If you are reading this, then I wish you the best of luck. I'll start from the beginning. My name is Alexander, and at the time of writing this I believe I am now 34 years old. I was a contractor sent to Chernaurus to help rebuild some of its infrastructure after the civil war. Three years in, the company I worked for had recalled all but a few of us. They wanted some of us to stay behind so we could manage the local staff we had hired at the power plant near the town of Solnichniy. I made the best of my time in this country, and things were going well. I met a local woman named Tatiana, and we hit it off almost immediately. After a year of dating, we got an apartment together in the city of Berezino. We eventually married and bought a house with a picket fence around the yard. Tati was pregnant with our first child a few months later, and life was good.
A few years later, tensions started to rise in the region again, and Tatiana begged me to take her and our son away, back to the United States. I tried to reassure her that everything was fine, my contracting firm would always tell us when a region had become "Red" or too hostile. They had yet to do so, therefore, things would probably blow over. Then the news reports came in of a bombing raid and military hostilities along the northern border. I woke Tatiana and our son, AJ in the middle of the night and we drove south along the coastal road. My firm had an office in Chernogorsk, and from there I could secure passage out of the country for all three of us.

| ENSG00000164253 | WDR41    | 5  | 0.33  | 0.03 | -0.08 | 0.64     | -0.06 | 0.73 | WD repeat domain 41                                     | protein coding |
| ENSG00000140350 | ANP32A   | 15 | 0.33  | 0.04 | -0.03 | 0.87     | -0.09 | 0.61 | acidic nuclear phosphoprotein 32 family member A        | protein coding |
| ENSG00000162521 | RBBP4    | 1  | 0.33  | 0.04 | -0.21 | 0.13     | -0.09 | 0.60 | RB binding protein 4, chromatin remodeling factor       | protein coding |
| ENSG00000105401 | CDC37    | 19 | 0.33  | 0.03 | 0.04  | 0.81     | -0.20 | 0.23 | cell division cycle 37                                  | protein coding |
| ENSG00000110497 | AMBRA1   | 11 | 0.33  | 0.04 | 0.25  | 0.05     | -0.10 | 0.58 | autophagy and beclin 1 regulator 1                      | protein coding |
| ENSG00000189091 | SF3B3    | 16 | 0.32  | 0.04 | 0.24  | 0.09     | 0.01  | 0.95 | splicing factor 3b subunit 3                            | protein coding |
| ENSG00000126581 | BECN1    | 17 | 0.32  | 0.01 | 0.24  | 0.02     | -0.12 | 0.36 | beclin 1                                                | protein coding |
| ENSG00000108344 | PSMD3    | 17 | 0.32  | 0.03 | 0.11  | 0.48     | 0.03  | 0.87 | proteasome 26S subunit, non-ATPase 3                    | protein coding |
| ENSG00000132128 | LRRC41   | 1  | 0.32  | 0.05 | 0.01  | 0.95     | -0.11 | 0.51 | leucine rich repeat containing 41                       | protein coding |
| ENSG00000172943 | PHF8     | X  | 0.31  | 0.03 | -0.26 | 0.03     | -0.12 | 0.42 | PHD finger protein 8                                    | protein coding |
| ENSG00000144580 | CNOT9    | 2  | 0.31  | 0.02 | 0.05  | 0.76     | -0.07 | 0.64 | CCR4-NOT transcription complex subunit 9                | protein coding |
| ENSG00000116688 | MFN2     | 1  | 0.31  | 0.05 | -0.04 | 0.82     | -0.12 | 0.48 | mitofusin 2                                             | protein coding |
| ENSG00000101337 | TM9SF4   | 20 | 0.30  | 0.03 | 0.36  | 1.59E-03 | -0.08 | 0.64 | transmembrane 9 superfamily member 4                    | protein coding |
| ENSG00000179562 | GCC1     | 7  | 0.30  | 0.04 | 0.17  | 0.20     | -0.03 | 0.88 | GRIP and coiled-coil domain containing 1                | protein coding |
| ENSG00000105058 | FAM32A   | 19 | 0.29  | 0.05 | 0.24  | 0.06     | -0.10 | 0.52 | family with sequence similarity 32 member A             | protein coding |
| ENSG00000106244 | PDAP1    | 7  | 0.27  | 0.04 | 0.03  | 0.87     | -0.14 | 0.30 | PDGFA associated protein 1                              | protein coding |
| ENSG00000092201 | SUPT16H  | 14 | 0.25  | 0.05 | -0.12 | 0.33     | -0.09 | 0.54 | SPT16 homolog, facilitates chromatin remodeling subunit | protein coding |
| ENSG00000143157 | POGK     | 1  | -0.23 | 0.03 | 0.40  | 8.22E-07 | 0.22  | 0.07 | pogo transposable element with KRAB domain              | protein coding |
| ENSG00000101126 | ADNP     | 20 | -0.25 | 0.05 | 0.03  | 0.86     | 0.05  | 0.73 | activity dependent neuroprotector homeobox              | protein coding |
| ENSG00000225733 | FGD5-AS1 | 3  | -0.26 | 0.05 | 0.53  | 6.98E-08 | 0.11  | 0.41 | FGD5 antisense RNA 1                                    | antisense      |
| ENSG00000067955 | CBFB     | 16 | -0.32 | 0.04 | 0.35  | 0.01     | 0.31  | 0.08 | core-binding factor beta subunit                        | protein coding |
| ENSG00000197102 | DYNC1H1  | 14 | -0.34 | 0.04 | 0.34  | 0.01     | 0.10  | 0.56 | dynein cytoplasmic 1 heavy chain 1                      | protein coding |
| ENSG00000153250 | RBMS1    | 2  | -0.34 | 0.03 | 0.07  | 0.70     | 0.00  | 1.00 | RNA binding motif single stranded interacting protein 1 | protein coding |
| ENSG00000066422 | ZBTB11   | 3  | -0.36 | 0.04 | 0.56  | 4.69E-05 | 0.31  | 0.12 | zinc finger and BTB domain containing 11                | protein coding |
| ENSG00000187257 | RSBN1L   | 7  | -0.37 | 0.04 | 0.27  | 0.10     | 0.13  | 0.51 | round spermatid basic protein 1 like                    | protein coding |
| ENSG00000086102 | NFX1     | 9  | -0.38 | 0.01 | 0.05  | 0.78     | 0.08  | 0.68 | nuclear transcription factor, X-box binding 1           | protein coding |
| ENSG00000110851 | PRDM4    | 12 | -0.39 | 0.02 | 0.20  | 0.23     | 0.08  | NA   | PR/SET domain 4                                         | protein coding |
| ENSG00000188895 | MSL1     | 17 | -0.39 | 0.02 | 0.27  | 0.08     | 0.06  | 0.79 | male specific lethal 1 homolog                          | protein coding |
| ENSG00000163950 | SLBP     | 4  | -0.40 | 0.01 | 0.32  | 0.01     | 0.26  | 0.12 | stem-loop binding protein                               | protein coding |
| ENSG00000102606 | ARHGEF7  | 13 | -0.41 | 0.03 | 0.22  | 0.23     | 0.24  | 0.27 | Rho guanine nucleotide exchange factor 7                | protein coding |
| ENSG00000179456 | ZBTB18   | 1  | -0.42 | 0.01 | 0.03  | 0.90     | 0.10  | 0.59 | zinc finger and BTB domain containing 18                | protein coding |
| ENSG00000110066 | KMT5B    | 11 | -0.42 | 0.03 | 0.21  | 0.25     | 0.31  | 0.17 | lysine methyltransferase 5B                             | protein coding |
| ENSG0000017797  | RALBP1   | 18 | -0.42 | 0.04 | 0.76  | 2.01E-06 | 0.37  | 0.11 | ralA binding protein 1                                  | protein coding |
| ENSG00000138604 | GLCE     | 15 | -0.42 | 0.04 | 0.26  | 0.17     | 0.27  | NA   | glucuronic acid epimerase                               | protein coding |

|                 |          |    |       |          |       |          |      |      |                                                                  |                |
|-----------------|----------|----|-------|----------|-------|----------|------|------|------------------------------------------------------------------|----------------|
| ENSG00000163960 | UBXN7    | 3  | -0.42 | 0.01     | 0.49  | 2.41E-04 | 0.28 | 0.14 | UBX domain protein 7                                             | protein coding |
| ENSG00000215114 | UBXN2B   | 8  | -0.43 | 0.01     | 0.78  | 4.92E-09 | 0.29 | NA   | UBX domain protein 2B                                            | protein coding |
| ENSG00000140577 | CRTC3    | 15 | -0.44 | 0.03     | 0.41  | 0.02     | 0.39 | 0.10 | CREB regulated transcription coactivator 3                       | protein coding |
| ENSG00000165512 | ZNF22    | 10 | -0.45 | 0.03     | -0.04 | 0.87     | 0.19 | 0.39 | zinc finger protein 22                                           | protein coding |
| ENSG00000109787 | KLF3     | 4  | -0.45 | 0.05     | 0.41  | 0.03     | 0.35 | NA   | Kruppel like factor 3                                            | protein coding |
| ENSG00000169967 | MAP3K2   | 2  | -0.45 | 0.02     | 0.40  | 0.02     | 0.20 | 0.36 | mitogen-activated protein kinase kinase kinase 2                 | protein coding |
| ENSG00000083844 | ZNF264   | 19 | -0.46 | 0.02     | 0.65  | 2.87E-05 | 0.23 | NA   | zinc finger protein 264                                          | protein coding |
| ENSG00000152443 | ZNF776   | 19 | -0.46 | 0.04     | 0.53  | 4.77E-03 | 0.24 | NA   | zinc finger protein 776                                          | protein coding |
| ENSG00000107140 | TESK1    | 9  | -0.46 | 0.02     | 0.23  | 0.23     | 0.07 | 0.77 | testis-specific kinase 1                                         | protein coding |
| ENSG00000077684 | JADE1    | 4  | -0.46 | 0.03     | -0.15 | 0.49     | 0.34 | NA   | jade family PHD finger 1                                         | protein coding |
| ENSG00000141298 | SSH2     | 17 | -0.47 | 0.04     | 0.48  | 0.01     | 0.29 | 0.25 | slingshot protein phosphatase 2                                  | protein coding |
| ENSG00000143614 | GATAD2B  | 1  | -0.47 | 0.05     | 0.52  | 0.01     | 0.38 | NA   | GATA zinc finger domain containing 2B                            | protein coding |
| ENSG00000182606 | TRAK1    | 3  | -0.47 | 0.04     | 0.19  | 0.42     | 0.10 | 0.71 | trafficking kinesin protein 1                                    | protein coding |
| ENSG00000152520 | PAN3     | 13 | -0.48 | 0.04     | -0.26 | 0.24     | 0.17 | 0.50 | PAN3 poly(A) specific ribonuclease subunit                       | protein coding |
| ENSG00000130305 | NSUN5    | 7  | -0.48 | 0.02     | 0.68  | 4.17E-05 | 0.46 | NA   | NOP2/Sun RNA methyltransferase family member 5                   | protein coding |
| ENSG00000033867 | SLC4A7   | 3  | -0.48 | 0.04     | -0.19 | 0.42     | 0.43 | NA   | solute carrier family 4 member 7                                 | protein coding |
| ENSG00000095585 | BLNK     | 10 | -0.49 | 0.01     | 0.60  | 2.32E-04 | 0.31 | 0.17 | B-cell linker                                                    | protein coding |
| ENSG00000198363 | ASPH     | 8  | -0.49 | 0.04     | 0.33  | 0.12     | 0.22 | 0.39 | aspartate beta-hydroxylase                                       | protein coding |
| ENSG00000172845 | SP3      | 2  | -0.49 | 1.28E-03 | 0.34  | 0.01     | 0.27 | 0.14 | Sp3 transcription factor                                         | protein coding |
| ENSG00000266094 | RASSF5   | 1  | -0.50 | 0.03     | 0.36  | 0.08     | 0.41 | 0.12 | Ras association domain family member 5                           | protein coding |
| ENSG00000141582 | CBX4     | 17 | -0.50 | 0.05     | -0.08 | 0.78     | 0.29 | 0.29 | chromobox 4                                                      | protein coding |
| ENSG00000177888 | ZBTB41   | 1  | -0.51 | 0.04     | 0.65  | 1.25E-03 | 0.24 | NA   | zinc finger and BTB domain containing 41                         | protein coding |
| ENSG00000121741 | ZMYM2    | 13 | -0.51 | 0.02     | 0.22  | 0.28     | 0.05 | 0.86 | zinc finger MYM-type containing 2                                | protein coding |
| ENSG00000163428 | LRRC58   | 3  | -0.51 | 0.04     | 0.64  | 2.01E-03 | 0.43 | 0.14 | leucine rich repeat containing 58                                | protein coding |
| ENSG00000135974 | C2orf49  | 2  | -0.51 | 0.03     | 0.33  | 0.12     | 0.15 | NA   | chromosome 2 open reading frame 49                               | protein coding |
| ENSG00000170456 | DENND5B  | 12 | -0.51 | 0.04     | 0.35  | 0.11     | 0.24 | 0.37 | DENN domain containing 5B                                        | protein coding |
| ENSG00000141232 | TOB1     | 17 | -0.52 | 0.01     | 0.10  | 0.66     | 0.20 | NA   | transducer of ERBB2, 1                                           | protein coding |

Once we reached the southern coast, the traffic outside of Elektrozovodsk was at a standstill for over an hour, so I decided to take my family on foot the rest of the journey. What should have only been a one hour walk, turned into an overnight queue at a checkpoint. It seems everyone else who was in the traffic jam had the same idea. Once we were near the front of the queue, I noticed the soldiers were wearing US uniforms. I informed one of the soldiers that I was a United States citizen, and I wanted to bring my family home. I showed my credentials, and I was escorted to a waiting area that had been set up in a guard post of sorts. That's when I heard the screams and the gunshots. I gave my wife my handgun and the emergency supplies we had packed and brought with us and told her to stay put. I was going to make a run for Chernogorsk and come back for her and our son. The Army would keep them safe. How wrong I was.
I can't remember how long it's been since that day, but please if you see a woman named Tatiana Richards with a young boy named Alexander or AJ, tell them I'm still out here looking for them. Tell them I go to the guard station in Elektrozovodsk every other day. I love them both dearly, and I'm so sorry that I ever left them there.